As I've mentioned a few times, my background is mainly in public libraries. In libraries, a mission-critical stance is intellectual freedom. There is a phrase, “Libraries are for everyone.” When we're hiring people to work the front desk, we want to make sure that they will uphold that principle. Practically any front-desk position at any library will get asked some version of this question: "You are working at the service desk and a customer brings up books to check out. The content of these books is offensive to you because they are completely contrary to your political beliefs. What do you do?"
This is a useless question. It may look useful because it is about something useful. However, it is a failure.
There are two ways that interview questions fail: 1) all the candidates give roughly equivalent answers or 2) the question elicits answers that give you good-sounding-but-irrelevant information.
Questions about a candidate's "philosophy of work" fall into the first category. These questions attempt to have the candidate describe their beliefs or morals regarding the work. That's what is going on at every library where I've worked. We want to know if the candidate will embody the principles we care about, so we do the first thing that comes to mind: we just ask. However, the answer to the question in the anecdote is obvious: keep your damn mouth shut and check out the books for the patron. Some people say it eloquently, and some people say it simply. But they all give the right answer.
Here are some more questions that fail in the first way:
- What is your greatest strength/weakness?
- What does great customer service mean to you?
- Do you prefer to work on your own or on a team?
- How would your previous manager/coworkers describe your work?
Questions like these are meant to differentiate good candidates from bad candidates. I understand the impulse to ask these questions. When we design these questions for our interview, we can very easily picture a good answer versus a bad answer. And that is why we fail.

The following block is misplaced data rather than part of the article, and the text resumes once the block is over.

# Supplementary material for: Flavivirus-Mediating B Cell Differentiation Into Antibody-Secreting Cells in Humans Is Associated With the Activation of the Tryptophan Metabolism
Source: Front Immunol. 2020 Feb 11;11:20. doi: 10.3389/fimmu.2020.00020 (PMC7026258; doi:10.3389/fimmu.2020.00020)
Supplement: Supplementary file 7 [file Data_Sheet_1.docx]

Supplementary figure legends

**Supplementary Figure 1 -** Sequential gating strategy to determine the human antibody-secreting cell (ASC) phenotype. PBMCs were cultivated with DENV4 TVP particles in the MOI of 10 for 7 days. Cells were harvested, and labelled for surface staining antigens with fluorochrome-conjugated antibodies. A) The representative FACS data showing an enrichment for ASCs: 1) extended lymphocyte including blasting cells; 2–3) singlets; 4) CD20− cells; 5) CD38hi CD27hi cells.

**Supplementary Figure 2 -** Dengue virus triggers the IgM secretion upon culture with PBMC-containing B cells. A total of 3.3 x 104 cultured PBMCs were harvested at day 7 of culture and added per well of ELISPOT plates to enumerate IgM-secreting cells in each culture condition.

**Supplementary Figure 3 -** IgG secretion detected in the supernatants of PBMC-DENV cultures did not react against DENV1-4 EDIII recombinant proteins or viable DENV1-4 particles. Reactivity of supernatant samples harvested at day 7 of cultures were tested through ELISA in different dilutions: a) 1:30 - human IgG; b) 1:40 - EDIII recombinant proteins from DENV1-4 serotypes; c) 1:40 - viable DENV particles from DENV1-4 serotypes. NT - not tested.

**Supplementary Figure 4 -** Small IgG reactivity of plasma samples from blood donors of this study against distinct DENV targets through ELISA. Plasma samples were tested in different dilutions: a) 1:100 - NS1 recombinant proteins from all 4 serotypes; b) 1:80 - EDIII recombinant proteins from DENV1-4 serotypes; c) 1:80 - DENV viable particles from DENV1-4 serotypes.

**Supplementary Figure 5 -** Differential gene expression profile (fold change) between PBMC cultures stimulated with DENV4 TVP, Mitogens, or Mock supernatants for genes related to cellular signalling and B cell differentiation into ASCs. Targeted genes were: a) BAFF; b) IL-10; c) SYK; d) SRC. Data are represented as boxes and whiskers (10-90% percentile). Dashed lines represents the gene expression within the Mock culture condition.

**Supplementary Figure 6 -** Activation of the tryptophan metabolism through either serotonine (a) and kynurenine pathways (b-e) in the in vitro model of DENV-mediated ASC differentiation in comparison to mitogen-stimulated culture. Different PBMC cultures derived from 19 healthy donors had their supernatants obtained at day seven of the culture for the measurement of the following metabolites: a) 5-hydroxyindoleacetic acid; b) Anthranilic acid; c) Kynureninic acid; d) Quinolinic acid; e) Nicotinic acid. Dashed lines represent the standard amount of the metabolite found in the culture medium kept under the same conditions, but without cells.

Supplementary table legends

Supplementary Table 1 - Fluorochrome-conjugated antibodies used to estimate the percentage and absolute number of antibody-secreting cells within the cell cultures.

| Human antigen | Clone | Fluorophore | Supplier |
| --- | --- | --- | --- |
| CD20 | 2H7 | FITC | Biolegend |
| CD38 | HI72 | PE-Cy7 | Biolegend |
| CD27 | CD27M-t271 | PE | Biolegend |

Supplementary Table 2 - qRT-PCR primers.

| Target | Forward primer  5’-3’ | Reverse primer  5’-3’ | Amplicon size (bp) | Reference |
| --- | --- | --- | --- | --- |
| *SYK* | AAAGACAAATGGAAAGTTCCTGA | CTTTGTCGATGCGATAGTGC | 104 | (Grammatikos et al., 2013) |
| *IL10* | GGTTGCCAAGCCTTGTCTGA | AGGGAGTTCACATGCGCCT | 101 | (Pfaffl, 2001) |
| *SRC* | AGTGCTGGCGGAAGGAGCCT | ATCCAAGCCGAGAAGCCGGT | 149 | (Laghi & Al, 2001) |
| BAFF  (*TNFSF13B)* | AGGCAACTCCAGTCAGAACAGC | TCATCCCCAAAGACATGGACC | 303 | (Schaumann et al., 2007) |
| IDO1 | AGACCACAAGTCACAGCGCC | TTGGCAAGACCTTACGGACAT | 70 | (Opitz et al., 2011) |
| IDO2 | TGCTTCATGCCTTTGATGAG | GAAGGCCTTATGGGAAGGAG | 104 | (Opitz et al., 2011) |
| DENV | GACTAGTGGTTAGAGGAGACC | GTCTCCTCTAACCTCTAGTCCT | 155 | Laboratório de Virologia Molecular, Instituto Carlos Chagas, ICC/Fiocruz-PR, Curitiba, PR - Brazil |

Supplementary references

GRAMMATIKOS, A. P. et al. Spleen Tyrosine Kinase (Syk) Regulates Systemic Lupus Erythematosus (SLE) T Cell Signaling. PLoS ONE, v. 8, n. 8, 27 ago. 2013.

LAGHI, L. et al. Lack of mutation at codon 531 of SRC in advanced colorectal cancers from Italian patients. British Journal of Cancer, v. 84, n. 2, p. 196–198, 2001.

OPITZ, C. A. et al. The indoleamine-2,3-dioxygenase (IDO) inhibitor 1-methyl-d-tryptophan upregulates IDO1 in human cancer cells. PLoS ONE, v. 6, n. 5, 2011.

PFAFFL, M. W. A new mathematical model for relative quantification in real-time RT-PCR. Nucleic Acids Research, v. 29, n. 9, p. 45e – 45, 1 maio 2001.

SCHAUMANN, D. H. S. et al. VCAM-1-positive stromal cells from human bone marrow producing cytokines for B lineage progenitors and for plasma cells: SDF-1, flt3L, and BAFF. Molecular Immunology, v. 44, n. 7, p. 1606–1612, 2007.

We are starting from entirely the wrong premise. By the time we are at the interview stage, we are done separating the good from the bad. The bad are gone. We threw out their applications a long time ago. Every one of your candidates will give you a good enough answer to questions like these. You'll end up making your hiring decision based on tiny wording differences that don't really mean anything.
The second kind of failure is a bit more subtle. The questions don't have an obviously right answer like those in the first category. Nobody, the interview panel included, really knows what the right answer is. Or rather, any answer is the right answer as long as the candidate spins it the right way. Here are some questions that fail in the second way:
- Why should we hire you?
- Who was your favorite manager and why?
- What kind of personality do you work best with and why?
- What is your ideal company?
The crux of the 2nd failure is that you end up being impressed by people who speak well in interviews rather than those who do well on the job. I'm going to level with you. If I answered any of these questions totally honestly, you would not hire me. These questions end up just being a test of how savvy the candidate is about white-collar work environments. For one, that is a bummer for a lot of reasons related to diversity and discrimination. For two, it is simply not relevant to a candidate's success at the actual work we're hiring them to do.
We need interview questions that separate good candidates from great candidates, not good from bad. And we need interview questions interview questions that give us real information about the candidate's on-the-job effectiveness, not their ability to sell themselves. Next week's post will be about Behavioral Interview Questions.